I have a Facebook list, a Twitter list, a Tumblr list. I used to have a well-manicured LiveJournal list and to date myself and at the risk of geek cred, back in the early 00â€™s I had a Xanga list. All of these lists contribute to the information I get. Theyâ€™re the structure Iâ€™ve built to keep in touch with friends and to follow the writings and art of interesting people. But most importantly, they are how I consume data. These trusted advisors to my news gathering are my information network.
I donâ€™t watch traditional news anymore. I havenâ€™t in years. Probably since I was required to when I was an Advertising student in college. I hate the news. Most of what is on reported is spun and unpleasant. I donâ€™t care who died in a shooting today or a car bombing. I donâ€™t care what the Republicans and Democrats did or didnâ€™t do. Most of these things have absolutely no bearing on my life, daily or in the bigger scheme of things.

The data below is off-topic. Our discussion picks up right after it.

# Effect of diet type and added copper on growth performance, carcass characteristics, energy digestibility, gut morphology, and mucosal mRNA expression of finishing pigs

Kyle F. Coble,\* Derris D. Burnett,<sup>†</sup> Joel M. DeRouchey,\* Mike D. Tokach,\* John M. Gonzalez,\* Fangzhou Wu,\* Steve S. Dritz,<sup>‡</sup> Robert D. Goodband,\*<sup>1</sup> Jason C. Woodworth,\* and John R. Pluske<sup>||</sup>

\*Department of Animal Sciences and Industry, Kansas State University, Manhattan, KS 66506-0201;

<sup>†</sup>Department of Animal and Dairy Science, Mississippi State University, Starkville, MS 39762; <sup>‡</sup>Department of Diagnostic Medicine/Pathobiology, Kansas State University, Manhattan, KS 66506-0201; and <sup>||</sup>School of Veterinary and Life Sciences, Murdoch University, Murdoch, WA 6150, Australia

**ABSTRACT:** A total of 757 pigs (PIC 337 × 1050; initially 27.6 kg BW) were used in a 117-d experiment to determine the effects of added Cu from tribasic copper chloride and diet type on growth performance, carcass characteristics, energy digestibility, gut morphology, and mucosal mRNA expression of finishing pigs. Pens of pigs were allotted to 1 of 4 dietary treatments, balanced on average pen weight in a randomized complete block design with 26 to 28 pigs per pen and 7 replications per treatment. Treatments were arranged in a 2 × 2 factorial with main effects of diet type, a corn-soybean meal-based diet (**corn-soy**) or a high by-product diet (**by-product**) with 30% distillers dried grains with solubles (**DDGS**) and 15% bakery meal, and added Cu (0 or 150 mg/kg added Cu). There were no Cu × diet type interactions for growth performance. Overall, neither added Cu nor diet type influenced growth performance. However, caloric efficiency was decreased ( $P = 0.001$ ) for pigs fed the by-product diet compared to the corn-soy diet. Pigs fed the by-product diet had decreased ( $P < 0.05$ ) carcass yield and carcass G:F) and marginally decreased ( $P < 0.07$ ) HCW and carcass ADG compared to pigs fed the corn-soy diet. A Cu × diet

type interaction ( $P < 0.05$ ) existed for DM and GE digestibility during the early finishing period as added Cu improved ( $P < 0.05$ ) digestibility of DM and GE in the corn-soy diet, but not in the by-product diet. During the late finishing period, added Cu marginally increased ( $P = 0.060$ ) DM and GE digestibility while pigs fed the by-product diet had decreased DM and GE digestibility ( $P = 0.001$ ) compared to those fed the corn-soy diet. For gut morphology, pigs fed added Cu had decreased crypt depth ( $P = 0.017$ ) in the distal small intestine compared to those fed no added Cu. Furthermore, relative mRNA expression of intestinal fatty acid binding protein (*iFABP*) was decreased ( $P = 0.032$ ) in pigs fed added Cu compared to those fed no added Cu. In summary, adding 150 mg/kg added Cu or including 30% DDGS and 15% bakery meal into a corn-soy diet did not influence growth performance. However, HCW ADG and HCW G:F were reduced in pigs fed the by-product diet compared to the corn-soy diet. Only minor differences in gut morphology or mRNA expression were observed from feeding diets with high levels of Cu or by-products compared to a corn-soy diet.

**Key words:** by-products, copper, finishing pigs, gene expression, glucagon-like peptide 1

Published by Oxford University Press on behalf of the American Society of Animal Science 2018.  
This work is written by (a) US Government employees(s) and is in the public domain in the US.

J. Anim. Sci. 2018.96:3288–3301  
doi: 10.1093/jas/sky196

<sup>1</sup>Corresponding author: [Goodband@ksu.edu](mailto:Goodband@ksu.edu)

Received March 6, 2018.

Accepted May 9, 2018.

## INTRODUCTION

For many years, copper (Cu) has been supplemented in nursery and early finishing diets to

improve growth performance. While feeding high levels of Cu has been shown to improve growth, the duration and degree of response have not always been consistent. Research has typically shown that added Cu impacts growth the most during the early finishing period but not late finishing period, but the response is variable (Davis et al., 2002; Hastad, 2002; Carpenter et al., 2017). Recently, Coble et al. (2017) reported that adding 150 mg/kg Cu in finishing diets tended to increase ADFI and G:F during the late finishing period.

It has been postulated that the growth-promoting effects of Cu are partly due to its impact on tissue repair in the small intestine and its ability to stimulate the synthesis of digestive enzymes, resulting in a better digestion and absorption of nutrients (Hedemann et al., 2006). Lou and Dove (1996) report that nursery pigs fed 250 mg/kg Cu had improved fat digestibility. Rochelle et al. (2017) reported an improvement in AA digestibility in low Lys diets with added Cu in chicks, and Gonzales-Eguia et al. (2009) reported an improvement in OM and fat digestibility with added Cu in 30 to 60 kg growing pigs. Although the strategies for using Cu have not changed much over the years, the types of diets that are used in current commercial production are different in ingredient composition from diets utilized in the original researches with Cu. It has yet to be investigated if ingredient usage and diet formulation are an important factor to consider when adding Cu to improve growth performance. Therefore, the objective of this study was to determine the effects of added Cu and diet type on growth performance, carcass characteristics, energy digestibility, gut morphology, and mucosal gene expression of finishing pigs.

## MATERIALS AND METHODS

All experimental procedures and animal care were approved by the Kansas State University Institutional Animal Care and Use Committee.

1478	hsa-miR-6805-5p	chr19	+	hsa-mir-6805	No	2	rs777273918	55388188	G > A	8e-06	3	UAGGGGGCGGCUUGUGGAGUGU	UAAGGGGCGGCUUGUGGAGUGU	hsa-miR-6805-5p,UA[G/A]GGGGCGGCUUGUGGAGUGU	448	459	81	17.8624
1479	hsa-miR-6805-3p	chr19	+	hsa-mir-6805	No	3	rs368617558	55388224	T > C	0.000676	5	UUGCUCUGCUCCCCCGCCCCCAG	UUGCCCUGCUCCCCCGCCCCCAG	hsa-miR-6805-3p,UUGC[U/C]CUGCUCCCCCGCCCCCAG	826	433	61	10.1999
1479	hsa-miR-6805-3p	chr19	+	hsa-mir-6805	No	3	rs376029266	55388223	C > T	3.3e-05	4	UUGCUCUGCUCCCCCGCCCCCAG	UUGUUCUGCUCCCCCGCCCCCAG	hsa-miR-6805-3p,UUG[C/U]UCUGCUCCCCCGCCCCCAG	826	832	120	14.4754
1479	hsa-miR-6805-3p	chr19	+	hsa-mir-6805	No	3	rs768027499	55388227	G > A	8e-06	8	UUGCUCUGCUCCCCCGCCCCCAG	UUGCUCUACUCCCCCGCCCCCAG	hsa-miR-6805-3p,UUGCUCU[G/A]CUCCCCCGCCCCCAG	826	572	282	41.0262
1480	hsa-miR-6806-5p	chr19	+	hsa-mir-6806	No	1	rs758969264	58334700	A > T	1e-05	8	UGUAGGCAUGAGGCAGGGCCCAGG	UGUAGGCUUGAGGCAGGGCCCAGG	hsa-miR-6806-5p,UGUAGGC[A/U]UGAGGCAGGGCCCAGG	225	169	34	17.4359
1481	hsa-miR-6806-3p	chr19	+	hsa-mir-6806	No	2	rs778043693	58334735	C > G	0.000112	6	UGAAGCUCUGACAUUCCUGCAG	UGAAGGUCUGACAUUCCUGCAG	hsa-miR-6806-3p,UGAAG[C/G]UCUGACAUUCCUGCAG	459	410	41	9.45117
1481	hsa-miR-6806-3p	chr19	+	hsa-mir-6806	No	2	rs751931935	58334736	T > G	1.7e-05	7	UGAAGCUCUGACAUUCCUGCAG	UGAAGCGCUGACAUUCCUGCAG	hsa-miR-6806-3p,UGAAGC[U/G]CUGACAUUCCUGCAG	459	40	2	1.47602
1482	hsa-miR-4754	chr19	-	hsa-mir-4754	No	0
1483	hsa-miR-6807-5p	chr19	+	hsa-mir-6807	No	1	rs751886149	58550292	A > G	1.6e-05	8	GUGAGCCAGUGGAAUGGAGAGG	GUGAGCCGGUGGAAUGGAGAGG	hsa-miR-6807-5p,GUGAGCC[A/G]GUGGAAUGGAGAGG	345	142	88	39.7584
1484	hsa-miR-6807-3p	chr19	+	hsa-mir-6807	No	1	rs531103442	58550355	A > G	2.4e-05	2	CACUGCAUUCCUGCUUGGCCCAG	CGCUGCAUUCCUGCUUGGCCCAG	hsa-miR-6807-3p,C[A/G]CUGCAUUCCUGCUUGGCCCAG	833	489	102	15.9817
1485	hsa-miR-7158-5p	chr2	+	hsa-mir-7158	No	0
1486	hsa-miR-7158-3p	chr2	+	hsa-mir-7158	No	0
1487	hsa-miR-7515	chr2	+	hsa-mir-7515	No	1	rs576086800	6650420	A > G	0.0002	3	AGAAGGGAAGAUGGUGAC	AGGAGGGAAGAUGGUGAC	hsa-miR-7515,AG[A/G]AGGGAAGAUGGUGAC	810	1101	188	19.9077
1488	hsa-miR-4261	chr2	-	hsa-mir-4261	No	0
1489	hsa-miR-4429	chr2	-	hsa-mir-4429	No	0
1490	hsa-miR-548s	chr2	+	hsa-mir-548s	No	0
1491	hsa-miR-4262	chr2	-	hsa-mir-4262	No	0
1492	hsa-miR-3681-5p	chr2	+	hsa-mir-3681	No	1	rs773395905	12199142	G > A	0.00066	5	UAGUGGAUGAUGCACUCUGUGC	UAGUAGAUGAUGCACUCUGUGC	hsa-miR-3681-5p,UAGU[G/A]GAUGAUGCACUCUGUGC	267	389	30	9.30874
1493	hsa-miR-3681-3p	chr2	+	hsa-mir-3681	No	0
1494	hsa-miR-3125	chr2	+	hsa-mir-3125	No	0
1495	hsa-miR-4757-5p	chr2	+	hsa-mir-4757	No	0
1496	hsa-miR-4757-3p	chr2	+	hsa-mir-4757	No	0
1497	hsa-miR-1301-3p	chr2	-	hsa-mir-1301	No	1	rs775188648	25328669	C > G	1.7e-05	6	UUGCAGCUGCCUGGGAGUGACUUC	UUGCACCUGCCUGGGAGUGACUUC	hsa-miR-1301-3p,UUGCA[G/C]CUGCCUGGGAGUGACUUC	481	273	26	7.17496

In Richmond, the nightly news contained murders. Lots and lots of murders. No longer atop the United Statesâ€™ list of deadliest cities, at last count it was still in the top 10. Do I need to know who got shot today? I donâ€™t. I know it matters to someone somewhere. But in my life, it does not matter to me.
What if something big and important happens? Then Iâ€™ll find out about it through my lists. I found out about Princess Dianaâ€™s death via someone randomly popping into the chatroom I was in and announcing it. I first saw the 9/11 attacks via instant message, then a roommate pounding at my bedroom door. I donâ€™t need the talking heads of our national and local news networks to tell me these things. If itâ€™s important enough to warrant my attention, someone else from my lists will bring it to me.